Category Archives: Classical Pit

Music to aid refugees

I offer some strong words today over at Amati.com about the refugee crisis – and inspiration from organisations such as Musicians Against Borders who are collecting musical instruments to donate to those stranded in the Calais ‘jungle’. http://mag…

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Chi-chi talks about Chineke!

Fascinating chat with the one-woman dynamo Chi-chi Nwanoku, double bassist, broadcaster and mover and shaker, about the new orchestra she has formed. Chineke! is Europe’s first symphony orchestra made up entirely of black and minority ethnic players, d…

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Orphée et Eurydice: grief and catharsis at the ROH

(This was originally for the Independent’s Observations section the other day.)

The new season at the Royal Opera House opens with a collaborative effort unusual enough to seem a tad startling. Orphée et Eurydice, by Christoph Willibald Gluck, is an 18th-century classic of the first order, mingling singing, dance and orchestral interludes in the service of a timeless Greek myth. To realise it, the theatre is opening its doors to the Israeli-born, London-based choreographer and composer Hofesh Shechter and his company of 22 dancers; and also to the conductor Sir John Eliot Gardiner and his orchestra and chorus, the English Baroque Soloists and Monteverdi Choir. The celebrated Peruvian tenor Juan Diego Flórez sings the title role, the British soprano Lucy Crowe is his Eurydice, and the production is co-directed by John Fulljames and Shechter.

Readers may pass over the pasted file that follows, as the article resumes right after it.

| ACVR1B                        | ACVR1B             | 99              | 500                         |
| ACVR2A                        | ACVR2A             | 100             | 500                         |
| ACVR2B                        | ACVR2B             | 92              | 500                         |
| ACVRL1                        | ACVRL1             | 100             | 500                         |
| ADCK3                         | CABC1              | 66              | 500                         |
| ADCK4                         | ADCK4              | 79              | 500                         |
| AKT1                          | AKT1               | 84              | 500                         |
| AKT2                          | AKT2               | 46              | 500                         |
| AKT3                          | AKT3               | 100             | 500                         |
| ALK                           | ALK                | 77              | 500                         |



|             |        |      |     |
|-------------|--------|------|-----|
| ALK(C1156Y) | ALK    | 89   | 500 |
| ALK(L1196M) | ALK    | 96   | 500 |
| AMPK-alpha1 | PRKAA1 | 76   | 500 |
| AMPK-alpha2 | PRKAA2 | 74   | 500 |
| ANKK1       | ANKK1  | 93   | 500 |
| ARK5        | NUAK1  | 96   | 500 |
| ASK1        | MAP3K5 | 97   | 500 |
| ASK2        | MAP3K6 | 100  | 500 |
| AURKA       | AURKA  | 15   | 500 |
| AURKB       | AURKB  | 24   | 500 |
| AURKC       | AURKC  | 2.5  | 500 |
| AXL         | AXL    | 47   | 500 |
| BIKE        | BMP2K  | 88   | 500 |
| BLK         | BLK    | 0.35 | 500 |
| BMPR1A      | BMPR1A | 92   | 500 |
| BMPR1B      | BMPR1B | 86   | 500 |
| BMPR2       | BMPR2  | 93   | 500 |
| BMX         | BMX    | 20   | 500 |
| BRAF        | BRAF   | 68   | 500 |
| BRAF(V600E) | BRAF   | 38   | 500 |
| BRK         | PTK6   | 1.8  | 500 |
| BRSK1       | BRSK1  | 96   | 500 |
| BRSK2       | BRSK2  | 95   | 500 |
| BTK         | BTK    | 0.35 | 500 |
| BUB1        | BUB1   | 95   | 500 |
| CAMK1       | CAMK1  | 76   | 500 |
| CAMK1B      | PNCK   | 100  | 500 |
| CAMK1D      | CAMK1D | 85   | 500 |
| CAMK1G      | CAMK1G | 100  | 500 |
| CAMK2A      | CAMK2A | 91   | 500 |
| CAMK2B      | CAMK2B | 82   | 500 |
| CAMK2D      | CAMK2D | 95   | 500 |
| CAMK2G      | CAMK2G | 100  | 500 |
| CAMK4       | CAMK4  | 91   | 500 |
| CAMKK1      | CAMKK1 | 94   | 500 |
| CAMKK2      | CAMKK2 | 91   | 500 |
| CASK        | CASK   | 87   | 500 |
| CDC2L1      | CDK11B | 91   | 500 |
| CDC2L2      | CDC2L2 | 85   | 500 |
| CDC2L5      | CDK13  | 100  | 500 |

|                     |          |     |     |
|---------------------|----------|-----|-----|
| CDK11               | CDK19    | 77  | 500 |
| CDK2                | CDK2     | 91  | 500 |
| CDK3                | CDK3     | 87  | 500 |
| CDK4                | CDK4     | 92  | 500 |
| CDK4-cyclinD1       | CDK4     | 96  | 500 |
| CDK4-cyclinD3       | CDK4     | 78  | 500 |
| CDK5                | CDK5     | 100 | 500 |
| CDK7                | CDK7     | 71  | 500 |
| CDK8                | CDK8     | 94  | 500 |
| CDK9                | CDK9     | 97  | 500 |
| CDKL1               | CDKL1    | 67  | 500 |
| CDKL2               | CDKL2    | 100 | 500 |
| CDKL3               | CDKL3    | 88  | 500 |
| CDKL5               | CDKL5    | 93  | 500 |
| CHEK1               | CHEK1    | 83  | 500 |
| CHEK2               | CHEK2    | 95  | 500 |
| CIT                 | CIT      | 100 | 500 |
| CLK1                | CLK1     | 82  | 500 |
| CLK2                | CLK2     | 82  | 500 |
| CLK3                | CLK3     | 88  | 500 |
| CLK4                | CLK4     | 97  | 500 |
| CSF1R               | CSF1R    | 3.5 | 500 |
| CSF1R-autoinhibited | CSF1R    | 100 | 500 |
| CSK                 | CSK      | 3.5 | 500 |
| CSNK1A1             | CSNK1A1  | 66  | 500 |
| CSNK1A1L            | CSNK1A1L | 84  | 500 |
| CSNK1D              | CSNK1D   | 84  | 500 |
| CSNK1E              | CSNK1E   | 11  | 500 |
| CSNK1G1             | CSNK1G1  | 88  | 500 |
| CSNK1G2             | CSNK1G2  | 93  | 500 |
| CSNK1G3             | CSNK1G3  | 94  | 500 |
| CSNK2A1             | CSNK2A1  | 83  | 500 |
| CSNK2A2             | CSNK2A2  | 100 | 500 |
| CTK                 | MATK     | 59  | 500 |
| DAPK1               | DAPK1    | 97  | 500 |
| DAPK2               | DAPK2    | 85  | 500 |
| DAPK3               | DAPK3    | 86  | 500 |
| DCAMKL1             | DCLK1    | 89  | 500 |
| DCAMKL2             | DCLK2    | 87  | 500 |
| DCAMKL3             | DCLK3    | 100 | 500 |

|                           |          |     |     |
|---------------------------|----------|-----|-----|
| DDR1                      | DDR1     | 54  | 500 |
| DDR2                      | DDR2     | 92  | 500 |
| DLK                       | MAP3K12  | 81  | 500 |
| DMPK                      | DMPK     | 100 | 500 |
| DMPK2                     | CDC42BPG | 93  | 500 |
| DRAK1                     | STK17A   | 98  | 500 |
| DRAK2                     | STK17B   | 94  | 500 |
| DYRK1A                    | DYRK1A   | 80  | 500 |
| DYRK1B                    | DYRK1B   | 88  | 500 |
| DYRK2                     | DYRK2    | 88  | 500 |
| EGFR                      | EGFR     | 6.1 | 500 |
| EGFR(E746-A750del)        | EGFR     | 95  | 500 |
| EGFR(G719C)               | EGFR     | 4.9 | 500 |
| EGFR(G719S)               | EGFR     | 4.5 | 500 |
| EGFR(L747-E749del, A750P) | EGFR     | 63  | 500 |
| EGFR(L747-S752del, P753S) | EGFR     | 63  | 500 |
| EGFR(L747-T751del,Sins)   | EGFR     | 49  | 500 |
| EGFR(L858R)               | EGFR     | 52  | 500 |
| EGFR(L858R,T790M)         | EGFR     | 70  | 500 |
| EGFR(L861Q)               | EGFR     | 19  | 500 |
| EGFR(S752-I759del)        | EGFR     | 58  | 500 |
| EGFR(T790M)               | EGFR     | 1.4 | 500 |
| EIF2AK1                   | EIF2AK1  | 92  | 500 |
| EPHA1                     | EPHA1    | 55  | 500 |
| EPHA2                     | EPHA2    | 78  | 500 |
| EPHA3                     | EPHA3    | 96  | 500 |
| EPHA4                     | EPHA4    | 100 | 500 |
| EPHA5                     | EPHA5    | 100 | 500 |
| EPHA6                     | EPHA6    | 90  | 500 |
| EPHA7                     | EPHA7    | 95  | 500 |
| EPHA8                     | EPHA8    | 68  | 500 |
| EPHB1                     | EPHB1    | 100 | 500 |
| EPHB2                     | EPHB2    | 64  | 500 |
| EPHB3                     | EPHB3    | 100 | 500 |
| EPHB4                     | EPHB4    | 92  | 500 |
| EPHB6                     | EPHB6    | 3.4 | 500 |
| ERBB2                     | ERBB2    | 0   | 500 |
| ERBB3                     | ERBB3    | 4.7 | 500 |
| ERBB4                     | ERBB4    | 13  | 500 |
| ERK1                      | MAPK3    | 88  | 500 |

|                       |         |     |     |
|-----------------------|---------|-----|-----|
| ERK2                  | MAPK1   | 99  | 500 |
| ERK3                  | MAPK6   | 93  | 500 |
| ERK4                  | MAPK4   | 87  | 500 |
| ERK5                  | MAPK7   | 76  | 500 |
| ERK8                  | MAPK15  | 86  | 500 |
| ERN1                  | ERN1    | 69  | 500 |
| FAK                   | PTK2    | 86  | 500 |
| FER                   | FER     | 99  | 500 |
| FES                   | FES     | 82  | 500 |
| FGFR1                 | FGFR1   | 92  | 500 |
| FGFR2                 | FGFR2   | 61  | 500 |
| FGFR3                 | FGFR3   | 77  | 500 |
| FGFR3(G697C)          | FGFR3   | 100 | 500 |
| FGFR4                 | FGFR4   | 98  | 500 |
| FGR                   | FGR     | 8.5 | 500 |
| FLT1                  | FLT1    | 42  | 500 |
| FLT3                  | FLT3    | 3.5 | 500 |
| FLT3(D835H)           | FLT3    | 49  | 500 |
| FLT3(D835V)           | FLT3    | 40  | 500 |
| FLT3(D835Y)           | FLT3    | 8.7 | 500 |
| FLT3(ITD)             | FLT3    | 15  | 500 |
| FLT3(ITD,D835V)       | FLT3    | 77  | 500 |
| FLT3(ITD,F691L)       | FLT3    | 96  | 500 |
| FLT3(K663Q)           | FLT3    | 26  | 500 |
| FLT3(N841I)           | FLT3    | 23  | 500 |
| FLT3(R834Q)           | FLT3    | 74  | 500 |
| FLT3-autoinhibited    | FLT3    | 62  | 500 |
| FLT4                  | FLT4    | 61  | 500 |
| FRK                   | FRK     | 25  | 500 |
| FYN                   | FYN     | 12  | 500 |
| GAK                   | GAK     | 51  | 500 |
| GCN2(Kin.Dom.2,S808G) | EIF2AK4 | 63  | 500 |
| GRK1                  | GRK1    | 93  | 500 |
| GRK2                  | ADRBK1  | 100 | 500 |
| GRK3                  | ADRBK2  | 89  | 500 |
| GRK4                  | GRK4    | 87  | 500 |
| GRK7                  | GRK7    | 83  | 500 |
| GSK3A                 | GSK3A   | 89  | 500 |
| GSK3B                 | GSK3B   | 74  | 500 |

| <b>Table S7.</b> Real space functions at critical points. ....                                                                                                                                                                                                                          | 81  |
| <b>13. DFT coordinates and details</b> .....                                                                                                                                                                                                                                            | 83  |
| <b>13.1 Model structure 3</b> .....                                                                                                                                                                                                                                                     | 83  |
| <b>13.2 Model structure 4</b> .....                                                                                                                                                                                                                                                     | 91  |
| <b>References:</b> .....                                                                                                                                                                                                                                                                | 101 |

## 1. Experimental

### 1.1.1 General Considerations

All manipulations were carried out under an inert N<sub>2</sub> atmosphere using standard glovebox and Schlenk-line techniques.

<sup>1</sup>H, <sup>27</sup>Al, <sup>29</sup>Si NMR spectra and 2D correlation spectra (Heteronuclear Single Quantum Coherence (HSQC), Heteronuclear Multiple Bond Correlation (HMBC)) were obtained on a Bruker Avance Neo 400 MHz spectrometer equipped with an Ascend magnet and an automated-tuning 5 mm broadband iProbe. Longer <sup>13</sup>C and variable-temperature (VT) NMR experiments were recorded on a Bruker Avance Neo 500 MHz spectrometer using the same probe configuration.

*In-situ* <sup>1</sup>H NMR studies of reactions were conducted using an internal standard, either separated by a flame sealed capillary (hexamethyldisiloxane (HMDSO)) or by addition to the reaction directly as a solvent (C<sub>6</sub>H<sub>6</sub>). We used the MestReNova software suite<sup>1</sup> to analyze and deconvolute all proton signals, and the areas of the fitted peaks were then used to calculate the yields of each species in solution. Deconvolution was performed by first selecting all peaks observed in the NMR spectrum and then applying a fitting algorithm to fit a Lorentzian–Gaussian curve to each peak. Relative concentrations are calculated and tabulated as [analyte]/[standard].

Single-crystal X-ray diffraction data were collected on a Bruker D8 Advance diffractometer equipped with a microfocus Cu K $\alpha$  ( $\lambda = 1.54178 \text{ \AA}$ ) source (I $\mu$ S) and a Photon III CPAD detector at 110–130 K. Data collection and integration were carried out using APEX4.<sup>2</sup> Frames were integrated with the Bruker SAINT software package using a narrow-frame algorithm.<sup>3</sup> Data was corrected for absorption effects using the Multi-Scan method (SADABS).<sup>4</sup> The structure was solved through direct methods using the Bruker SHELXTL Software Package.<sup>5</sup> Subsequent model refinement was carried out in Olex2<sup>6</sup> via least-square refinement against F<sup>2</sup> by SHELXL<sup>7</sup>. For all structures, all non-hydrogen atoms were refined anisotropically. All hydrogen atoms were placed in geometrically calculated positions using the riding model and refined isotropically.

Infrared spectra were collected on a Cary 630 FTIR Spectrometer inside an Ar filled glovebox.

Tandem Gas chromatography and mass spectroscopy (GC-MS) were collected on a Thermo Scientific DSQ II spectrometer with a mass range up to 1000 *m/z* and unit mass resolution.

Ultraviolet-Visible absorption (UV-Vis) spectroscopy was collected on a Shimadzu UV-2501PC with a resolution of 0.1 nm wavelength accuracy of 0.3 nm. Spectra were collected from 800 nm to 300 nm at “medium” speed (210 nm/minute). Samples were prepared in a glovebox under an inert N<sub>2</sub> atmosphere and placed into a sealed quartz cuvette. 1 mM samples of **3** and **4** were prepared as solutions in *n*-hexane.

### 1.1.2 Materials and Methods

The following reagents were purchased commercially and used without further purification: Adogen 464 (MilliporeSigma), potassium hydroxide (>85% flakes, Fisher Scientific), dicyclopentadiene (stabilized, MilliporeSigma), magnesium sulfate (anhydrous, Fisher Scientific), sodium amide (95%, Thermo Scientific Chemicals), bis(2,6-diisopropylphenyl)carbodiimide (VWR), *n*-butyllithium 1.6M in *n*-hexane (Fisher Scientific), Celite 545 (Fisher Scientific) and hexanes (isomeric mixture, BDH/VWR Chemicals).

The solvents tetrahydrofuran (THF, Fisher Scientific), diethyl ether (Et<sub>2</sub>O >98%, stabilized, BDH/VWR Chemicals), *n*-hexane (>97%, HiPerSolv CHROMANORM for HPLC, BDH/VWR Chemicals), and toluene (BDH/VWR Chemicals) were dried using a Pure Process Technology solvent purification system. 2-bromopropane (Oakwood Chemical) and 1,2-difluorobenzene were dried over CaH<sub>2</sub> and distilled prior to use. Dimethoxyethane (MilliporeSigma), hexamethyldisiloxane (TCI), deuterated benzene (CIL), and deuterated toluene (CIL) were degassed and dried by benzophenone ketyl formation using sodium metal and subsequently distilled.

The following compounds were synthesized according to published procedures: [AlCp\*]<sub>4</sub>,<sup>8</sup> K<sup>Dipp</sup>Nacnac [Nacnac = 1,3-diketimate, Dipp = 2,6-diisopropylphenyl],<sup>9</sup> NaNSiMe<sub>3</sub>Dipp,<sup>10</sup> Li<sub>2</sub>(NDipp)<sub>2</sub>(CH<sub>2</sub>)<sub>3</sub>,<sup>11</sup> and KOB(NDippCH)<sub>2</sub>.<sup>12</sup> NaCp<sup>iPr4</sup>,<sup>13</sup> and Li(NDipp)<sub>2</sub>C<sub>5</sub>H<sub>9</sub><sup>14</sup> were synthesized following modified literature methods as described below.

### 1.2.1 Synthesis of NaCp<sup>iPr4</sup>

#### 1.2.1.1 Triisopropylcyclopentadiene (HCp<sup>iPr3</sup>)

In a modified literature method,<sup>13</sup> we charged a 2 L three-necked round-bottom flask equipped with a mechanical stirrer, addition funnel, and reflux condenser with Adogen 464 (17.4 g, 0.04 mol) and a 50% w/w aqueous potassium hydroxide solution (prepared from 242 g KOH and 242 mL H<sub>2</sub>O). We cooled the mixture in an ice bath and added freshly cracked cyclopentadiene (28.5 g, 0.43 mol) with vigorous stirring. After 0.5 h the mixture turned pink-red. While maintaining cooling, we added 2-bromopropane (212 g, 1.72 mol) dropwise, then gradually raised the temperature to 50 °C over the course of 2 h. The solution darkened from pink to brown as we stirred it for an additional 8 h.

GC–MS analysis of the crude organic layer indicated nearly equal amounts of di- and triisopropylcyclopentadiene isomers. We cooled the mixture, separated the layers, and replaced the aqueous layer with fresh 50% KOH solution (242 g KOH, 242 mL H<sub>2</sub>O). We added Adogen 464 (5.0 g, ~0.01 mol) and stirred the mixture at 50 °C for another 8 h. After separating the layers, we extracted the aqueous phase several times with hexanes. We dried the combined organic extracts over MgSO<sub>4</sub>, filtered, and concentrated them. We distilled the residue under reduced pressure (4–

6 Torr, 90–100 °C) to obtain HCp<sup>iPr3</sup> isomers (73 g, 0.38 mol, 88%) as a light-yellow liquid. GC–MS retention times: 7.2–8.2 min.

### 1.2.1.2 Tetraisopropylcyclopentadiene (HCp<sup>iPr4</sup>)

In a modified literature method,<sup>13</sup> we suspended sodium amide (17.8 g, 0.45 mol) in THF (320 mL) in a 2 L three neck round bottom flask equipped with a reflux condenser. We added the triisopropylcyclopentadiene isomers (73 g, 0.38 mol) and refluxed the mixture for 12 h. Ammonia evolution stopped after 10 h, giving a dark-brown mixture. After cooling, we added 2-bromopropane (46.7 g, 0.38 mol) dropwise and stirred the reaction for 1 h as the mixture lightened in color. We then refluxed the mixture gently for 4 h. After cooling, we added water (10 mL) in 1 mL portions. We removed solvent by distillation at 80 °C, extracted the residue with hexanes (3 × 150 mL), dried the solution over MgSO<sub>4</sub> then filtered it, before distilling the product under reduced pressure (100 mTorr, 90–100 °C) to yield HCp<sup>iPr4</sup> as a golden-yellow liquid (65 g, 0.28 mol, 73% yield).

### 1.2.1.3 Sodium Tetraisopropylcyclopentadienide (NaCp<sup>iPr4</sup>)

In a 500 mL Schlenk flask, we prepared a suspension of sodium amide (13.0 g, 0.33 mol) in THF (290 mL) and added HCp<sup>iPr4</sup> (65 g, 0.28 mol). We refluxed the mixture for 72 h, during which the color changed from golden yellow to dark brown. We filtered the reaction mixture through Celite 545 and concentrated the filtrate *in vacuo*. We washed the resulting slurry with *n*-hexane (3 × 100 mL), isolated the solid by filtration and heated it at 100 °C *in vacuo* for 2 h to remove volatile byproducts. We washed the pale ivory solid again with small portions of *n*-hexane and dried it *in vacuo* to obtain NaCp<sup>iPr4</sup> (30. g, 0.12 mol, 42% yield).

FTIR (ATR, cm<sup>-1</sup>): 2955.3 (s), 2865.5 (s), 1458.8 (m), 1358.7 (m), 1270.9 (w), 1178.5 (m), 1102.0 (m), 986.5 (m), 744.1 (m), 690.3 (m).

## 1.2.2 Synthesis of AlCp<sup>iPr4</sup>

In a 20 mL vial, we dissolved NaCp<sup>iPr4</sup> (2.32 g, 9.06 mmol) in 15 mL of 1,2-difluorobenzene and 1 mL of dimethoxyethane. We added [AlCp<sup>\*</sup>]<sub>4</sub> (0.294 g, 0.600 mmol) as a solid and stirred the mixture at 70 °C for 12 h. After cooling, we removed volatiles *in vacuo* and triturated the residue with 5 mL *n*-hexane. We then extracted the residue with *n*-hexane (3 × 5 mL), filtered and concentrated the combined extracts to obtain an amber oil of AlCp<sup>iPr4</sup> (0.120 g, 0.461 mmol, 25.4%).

It is Shechter’s first venture into opera – and he is on board because he simply fell in love with the Gluck. “I was offered work in opera before and refused,” he says. “I have to feel I’m connecting with the music when I make dance for it and when I heard this I felt there was something about the simplicity of it that seemed to lend itself to dance. Often operatic music can feel very busy, or doesn’t leave enough space for the imagination. Something about Orphée, though, is pure, spacious and open. I really love it and I was very curious about how my style of movement would fit with it and how it would bring other qualities and feelings into my material.”

This collaboration is a new departure for John Fulljames, too: “I have no choreographic training, and this is Hofesh’s first experience in opera, so I think there’s a good complementarity there,” he remarks. “One of the most important things about Hofesh is that he’s not only a choreographer; he’s a musician. He’s unique amongst choreographers at his level in that he not only makes his own choreography, but usually he also writes his own music – so it’s been fascinating for him to work with existing music and to respond to it in detail.”

When Orphée’s beloved Eurydice dies, the demigod travels beyond the grave to try to bring her back, aided by the power of his music. The story, suggests Fulljames, is at heart all about coming to terms with the loss of a loved one.

“I love this opera’s directness,” he says. “It’s extraordinarily undecorated. So much opera risks being sentimental or melodramatic – but this is the opposite. Gluck strips back everything in order to get to an emotional truth: he’s interested in exploring grief and the relationship of love to loss. You really understand love when you understand loss. I think the piece is an extraordinary study of the grieving process, going through stages of anger and betrayal and eventually reaching a point of acceptance about loss. Its consequence is coming to a much greater understanding of love.”

With all this to relish, the joy of hearing Flórez sing the aria immortalised by the great English contralto Kathleen Ferrier in translation as “I have lost my Eurydice” can only be a bonus. 

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